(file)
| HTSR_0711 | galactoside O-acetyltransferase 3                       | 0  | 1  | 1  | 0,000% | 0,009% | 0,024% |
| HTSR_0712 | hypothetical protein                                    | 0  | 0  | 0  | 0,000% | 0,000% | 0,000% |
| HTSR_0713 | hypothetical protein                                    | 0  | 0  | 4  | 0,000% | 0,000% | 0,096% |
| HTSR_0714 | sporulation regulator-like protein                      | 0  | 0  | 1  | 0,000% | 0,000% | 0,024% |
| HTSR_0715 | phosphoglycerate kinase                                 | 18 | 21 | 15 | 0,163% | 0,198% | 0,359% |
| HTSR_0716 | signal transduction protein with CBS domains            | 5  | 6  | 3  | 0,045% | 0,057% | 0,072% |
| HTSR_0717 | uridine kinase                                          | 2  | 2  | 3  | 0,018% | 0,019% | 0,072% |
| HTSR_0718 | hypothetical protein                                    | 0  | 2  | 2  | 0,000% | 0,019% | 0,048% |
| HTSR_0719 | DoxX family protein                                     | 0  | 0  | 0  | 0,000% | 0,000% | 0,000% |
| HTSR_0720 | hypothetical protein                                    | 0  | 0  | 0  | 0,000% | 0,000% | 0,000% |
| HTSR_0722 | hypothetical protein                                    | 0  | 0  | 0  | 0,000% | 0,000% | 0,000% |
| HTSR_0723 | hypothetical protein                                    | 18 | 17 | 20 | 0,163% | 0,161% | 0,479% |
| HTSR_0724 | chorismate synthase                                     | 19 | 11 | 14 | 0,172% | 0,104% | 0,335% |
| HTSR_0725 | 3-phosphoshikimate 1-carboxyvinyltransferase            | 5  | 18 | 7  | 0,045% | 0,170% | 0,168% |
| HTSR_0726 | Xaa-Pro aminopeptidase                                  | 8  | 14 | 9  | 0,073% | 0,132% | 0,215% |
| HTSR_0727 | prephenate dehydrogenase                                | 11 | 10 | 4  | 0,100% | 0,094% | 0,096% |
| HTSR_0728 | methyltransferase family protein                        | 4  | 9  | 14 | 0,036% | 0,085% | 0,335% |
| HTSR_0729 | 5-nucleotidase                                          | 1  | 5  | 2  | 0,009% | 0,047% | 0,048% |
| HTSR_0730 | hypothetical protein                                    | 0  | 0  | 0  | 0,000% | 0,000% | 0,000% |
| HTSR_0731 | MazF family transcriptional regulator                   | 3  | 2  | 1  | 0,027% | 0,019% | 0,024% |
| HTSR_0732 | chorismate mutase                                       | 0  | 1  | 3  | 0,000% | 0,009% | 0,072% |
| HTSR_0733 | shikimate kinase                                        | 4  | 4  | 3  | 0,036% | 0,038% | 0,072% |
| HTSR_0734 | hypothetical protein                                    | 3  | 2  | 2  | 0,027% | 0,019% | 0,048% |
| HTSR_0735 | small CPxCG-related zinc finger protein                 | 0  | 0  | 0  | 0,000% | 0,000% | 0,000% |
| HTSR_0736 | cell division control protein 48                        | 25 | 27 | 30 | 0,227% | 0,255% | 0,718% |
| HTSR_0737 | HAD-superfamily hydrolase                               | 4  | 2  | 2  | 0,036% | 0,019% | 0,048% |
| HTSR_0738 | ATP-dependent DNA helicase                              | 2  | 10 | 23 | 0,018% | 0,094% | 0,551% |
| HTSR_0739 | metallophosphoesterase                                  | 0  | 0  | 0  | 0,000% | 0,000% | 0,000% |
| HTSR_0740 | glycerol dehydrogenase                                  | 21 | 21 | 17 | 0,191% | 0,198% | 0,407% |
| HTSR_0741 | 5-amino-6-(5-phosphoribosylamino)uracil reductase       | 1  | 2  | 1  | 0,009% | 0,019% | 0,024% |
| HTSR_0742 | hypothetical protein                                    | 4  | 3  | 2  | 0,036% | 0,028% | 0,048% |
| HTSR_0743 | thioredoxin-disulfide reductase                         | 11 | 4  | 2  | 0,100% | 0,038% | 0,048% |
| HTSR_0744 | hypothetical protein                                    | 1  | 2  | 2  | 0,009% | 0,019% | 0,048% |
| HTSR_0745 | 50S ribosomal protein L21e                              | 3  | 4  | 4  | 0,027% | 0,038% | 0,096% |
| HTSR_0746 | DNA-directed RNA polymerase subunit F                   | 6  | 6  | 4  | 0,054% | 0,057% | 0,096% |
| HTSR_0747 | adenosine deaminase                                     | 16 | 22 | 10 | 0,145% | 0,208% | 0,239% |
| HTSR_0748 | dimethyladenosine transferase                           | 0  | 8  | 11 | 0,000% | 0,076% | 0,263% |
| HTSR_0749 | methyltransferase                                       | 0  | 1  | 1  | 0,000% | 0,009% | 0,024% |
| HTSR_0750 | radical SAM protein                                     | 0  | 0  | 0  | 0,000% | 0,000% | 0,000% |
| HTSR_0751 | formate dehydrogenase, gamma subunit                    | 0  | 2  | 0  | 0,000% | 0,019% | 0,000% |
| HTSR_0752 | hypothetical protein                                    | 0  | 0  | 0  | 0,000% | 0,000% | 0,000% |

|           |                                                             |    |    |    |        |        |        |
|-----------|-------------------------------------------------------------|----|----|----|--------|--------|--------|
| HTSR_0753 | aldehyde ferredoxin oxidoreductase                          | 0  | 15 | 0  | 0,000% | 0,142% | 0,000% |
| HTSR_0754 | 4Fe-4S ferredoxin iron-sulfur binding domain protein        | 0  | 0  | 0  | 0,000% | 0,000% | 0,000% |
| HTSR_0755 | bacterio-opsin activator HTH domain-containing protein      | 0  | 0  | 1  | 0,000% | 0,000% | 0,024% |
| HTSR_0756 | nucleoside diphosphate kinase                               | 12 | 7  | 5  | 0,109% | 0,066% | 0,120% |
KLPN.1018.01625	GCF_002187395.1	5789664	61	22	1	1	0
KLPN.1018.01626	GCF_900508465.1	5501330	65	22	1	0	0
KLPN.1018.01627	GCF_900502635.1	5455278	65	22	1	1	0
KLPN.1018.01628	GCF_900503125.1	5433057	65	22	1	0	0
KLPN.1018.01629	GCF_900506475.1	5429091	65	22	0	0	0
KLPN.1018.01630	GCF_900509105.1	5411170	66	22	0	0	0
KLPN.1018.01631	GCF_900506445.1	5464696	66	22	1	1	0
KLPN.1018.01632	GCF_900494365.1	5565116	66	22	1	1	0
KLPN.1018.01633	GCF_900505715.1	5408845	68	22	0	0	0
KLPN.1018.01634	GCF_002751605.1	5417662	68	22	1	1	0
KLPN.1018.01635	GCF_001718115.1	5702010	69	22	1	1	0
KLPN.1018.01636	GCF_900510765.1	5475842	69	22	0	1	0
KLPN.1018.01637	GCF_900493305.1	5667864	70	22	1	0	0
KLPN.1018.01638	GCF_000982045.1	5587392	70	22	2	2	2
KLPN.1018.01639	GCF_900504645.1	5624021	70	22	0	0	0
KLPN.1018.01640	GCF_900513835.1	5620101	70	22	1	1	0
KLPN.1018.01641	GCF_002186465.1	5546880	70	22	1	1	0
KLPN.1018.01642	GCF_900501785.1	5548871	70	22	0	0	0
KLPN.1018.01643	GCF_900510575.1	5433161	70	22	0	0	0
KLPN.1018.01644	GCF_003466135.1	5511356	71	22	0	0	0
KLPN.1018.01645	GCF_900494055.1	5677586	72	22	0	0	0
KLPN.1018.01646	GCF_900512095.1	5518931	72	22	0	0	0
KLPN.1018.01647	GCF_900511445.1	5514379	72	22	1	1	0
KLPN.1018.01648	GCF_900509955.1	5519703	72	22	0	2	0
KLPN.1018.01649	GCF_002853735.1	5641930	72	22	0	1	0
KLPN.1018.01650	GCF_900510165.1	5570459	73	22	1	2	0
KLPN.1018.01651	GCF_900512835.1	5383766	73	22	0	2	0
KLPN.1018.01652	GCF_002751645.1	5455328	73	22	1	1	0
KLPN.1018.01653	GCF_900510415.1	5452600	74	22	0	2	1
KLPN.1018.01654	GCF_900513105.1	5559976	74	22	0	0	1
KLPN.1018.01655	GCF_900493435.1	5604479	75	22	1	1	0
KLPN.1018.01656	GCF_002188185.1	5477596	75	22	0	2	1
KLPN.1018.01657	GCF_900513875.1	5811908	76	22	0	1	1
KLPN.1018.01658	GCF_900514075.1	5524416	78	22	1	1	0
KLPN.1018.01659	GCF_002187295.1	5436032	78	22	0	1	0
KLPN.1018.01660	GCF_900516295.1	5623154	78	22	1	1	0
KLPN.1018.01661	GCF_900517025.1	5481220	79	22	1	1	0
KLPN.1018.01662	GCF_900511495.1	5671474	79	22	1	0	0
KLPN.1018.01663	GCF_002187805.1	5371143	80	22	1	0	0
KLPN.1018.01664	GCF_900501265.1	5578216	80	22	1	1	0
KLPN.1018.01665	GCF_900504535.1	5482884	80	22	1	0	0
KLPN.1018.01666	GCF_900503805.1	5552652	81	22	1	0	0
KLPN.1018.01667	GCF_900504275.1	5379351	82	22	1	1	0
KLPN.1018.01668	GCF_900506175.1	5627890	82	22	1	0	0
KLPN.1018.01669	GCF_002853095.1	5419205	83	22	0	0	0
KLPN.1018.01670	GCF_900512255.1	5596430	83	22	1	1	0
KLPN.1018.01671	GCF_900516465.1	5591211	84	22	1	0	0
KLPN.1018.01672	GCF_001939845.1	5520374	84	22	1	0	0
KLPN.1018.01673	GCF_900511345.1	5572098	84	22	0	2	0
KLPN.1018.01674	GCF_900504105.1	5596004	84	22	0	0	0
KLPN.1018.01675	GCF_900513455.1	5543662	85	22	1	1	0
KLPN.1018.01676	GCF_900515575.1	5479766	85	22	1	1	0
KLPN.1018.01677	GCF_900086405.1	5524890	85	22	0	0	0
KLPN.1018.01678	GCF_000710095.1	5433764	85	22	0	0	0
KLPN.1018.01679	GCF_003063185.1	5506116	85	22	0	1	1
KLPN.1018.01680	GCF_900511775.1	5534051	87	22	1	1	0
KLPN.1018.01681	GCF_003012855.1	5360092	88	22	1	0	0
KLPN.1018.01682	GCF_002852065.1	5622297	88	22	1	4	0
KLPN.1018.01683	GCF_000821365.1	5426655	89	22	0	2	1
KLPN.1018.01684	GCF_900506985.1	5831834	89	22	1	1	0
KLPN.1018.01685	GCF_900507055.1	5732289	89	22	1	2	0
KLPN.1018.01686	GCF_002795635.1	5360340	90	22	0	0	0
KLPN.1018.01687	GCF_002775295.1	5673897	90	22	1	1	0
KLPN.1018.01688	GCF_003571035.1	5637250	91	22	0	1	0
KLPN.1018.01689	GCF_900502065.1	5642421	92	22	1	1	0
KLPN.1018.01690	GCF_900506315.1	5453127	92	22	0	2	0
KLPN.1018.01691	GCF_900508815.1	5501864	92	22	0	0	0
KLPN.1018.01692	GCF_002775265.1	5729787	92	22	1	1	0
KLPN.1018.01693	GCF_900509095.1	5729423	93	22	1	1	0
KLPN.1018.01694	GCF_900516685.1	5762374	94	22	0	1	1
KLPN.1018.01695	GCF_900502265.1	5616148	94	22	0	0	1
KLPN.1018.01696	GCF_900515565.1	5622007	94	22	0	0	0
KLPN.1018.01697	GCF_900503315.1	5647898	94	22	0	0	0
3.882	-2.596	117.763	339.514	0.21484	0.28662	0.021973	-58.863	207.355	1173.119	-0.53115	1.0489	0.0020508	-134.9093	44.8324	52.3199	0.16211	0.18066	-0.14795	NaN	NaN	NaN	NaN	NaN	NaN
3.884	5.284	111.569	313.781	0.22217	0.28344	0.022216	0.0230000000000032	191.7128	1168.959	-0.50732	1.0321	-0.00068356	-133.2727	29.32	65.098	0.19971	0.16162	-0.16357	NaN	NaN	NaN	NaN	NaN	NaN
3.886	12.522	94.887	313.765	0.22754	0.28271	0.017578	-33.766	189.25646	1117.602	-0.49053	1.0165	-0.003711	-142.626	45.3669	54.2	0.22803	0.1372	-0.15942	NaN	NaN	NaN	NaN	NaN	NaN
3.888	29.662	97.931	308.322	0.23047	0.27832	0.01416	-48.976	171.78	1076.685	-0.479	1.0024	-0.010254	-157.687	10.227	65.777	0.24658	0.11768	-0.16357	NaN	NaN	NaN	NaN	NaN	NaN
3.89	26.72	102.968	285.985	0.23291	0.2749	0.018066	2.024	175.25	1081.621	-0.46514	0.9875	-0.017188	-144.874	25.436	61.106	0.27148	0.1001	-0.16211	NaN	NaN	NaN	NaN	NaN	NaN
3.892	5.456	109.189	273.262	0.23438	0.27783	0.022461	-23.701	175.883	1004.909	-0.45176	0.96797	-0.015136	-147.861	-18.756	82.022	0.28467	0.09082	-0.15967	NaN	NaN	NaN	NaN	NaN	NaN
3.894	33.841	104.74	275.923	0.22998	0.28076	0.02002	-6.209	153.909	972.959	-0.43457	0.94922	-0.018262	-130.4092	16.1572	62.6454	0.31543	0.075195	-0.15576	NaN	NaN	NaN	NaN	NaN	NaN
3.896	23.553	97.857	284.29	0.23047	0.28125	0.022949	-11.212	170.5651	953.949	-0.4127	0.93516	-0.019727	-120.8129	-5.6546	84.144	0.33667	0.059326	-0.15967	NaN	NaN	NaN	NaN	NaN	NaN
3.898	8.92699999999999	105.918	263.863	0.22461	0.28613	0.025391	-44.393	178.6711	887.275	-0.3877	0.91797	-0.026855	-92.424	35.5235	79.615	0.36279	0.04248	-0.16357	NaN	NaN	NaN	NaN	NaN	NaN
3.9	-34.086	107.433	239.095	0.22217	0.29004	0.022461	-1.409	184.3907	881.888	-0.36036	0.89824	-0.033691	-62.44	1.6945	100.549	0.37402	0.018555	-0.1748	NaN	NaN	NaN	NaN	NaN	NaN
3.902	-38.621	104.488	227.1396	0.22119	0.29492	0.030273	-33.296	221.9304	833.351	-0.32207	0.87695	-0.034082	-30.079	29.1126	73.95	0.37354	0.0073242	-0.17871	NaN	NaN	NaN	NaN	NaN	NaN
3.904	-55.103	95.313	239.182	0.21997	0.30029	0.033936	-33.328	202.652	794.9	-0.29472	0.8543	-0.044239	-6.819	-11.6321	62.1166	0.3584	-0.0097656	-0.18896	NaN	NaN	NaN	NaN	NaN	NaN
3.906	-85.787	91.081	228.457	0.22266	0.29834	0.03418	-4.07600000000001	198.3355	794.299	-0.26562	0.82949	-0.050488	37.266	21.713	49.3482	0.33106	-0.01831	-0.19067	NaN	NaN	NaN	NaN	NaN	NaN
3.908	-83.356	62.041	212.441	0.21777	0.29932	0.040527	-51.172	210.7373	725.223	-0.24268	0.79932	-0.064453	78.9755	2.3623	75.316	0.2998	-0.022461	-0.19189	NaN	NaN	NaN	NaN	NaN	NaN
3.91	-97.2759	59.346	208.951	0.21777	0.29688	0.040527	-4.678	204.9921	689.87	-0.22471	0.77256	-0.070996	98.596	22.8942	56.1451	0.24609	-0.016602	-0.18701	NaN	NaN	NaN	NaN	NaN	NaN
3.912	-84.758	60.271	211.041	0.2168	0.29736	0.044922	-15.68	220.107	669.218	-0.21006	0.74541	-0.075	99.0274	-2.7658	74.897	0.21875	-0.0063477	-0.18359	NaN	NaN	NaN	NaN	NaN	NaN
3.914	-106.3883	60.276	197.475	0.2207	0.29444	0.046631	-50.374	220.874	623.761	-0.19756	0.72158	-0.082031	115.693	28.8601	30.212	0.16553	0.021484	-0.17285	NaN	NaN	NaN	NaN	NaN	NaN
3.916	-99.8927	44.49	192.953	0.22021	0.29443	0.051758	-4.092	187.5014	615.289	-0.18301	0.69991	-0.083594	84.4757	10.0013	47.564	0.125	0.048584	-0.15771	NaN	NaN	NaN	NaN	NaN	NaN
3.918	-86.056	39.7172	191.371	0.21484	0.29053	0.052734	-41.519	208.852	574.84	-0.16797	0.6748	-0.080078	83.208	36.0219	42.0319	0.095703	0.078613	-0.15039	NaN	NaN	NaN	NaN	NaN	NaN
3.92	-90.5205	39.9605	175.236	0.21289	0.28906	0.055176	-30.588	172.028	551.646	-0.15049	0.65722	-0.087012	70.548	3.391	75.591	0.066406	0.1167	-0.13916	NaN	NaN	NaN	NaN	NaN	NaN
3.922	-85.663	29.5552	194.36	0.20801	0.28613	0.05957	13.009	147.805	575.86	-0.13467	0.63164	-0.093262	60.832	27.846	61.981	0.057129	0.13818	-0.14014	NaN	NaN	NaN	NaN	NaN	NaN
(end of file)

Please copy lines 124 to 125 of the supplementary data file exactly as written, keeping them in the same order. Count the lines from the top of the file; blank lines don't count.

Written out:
3.888	29.662	97.931	308.322	0.23047	0.27832	0.01416	-48.976	171.78	1076.685	-0.479	1.0024	-0.010254	-157.687	10.227	65.777	0.24658	0.11768	-0.16357	NaN	NaN	NaN	NaN	NaN	NaN
3.89	26.72	102.968	285.985	0.23291	0.2749	0.018066	2.024	175.25	1081.621	-0.46514	0.9875	-0.017188	-144.874	25.436	61.106	0.27148	0.1001	-0.16211	NaN	NaN	NaN	NaN	NaN	NaN